I will move forward along with the majority who want progress, equality and justice for all Americans. If Trump supporters decide they want the same, they can always reach out to me. They know where to find me. Ahead of them.
Trump voters are the architects of oppression for a New York Times contributor who went to law school and gets paid to speak. Sure they are. Ali is missing something that Republican strategist Brad Todd clearly understands. Todd also talked to far more Trump supporters than Ali likely ever has and literally wrote the book on them. After Election Day, he said:
“Democrats always argued, ‘If more people voted, we would win,’” says GOP strategist Brad Todd, co-author of The Great Revolt: Inside the Populist Coalition Reshaping American Politics. “Well, guess what? Everybody voted, and it didn’t help the Democrats. There is a multi-racial, working-class ethos that is animating the new Republican coalition.”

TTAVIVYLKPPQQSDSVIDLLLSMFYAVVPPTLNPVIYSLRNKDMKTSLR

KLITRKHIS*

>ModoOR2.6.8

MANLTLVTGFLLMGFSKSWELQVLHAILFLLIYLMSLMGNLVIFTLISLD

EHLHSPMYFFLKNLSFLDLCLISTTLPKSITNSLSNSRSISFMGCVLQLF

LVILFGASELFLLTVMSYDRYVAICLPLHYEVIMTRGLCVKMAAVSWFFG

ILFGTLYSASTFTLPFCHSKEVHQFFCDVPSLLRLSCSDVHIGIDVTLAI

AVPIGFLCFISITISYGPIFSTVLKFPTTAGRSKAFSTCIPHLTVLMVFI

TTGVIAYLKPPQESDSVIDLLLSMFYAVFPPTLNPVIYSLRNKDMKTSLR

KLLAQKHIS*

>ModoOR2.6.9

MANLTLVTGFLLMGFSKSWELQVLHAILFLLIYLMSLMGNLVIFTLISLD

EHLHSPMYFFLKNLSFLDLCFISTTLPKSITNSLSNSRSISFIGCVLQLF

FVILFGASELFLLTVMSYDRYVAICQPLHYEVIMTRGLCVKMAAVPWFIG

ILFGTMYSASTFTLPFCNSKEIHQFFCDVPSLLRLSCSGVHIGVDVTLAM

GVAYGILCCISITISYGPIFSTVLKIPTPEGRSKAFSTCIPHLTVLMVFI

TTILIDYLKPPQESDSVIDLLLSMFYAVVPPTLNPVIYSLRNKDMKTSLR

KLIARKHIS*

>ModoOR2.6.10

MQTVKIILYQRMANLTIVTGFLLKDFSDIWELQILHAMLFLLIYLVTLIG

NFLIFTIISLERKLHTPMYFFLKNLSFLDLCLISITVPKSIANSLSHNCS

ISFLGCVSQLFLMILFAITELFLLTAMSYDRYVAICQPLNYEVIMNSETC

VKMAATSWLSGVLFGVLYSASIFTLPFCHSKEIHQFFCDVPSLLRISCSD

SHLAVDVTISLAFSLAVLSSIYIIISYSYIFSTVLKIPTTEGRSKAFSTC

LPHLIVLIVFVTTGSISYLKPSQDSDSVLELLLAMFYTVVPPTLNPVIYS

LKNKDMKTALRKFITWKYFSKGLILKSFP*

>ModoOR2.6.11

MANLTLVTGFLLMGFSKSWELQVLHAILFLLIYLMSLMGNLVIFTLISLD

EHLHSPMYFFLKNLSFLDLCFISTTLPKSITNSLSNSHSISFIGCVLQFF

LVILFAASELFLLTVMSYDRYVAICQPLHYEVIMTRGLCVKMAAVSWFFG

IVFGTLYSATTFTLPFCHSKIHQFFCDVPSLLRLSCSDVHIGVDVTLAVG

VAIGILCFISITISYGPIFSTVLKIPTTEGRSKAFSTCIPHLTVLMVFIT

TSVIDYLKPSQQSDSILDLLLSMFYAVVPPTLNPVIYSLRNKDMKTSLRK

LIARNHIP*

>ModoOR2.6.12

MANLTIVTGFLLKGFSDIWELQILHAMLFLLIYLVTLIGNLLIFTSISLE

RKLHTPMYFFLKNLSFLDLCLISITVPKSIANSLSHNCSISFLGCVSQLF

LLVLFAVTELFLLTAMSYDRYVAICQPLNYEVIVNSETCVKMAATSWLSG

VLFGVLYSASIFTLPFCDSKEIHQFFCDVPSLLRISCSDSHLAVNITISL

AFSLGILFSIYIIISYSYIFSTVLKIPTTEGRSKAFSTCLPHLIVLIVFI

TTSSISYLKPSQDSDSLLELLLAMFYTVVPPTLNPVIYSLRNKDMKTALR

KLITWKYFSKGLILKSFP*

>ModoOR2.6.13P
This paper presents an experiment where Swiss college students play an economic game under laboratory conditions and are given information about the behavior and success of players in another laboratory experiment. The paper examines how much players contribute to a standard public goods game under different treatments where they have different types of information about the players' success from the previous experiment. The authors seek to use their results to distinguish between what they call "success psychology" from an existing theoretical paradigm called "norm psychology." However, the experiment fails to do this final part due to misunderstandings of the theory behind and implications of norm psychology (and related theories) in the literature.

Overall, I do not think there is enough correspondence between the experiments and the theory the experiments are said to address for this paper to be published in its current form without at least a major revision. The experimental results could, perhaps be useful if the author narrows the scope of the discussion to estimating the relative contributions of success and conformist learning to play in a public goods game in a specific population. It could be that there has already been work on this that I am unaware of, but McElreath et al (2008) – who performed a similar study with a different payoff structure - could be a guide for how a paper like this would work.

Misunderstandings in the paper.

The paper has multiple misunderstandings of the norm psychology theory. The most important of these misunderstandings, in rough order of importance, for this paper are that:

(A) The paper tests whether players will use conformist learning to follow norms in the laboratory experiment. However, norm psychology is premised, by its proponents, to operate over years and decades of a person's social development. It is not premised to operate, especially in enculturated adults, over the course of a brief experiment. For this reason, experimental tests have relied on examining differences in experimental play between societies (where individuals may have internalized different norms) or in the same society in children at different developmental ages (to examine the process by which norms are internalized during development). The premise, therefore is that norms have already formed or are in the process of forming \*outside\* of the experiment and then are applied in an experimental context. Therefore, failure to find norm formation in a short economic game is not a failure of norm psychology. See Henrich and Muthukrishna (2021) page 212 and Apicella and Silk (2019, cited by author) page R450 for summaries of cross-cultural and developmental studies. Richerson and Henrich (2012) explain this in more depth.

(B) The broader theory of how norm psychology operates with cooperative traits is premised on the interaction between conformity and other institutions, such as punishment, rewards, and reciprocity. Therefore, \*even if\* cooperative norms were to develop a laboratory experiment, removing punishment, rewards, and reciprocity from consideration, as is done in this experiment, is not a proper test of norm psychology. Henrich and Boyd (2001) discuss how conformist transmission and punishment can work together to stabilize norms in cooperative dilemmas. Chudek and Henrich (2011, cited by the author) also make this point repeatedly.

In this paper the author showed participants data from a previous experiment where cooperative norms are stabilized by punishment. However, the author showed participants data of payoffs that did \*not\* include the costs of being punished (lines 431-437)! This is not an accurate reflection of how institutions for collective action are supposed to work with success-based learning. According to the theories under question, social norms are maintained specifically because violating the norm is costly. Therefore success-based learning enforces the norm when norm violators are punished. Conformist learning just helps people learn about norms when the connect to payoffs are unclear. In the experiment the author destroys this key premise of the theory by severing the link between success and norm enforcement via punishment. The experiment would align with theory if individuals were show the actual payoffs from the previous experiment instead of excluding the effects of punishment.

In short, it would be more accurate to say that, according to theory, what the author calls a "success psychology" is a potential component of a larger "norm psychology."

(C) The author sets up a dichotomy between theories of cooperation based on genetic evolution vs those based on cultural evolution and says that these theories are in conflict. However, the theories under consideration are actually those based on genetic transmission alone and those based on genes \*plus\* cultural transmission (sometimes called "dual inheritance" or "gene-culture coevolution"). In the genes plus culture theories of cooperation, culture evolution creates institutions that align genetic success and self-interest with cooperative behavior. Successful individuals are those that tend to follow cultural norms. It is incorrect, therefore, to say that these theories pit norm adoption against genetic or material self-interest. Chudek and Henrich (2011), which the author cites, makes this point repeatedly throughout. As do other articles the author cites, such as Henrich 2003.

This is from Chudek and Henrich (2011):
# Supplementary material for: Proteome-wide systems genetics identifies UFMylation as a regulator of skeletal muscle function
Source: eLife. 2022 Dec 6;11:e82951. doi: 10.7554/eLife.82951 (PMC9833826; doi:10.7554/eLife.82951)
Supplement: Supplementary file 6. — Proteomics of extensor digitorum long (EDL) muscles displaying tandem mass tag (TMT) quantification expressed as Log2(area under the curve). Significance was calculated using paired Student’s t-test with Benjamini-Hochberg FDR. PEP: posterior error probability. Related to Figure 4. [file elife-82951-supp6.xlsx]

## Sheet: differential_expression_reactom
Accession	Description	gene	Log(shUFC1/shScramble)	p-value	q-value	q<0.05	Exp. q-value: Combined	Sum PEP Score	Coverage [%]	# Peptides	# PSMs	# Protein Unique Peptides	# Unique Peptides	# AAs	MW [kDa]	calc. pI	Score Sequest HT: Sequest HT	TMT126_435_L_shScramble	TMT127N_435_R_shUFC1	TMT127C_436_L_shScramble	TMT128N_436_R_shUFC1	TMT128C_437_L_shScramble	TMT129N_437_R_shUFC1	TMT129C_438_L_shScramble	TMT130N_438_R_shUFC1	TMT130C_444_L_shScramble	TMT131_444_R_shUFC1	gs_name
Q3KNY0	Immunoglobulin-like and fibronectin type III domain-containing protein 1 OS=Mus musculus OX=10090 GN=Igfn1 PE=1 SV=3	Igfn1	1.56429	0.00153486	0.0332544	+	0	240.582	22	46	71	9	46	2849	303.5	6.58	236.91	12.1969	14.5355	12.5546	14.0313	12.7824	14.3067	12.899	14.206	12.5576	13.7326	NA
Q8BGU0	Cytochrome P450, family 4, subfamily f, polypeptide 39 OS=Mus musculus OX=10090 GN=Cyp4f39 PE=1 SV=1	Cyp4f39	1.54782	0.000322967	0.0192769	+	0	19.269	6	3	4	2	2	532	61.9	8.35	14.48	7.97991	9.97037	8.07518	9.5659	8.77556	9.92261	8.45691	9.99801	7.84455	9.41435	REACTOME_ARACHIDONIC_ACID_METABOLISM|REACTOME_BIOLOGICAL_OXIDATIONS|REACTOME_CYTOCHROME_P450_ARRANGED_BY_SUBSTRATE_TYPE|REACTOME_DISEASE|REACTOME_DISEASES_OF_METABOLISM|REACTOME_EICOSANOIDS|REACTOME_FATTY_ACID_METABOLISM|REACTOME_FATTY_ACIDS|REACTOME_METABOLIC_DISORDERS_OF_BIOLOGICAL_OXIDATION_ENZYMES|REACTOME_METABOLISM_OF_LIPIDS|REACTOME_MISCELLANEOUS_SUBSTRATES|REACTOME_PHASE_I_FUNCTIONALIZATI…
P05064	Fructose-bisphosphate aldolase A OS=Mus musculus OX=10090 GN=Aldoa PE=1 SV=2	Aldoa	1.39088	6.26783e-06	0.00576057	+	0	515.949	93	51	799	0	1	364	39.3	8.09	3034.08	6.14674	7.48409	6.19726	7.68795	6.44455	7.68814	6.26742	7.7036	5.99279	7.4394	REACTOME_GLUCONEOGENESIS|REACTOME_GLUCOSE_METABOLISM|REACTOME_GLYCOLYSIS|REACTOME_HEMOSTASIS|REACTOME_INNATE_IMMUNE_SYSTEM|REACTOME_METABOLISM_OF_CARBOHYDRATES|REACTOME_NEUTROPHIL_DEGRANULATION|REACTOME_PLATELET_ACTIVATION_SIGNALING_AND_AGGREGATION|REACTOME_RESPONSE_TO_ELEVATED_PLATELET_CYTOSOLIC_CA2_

We are in a class struggle, not a race struggle. That is what President Trump actually represented. A free and democratic society cannot succeed without a vibrant, successful middle and working class. That segment of society has been hollowed out by trade policy under both parties nationwide since the early 1990s and in progressive states like California and New York. Progressive policies create a two-tiered society of the very poor and the wealthy and well-connected. It can be seen in our own country.
Who will be hurt most by energy policies that increase the price of energy? The working-class family with two cars, two jobs, and a couple of kids. The family farmer. The suburban father who has a long commute.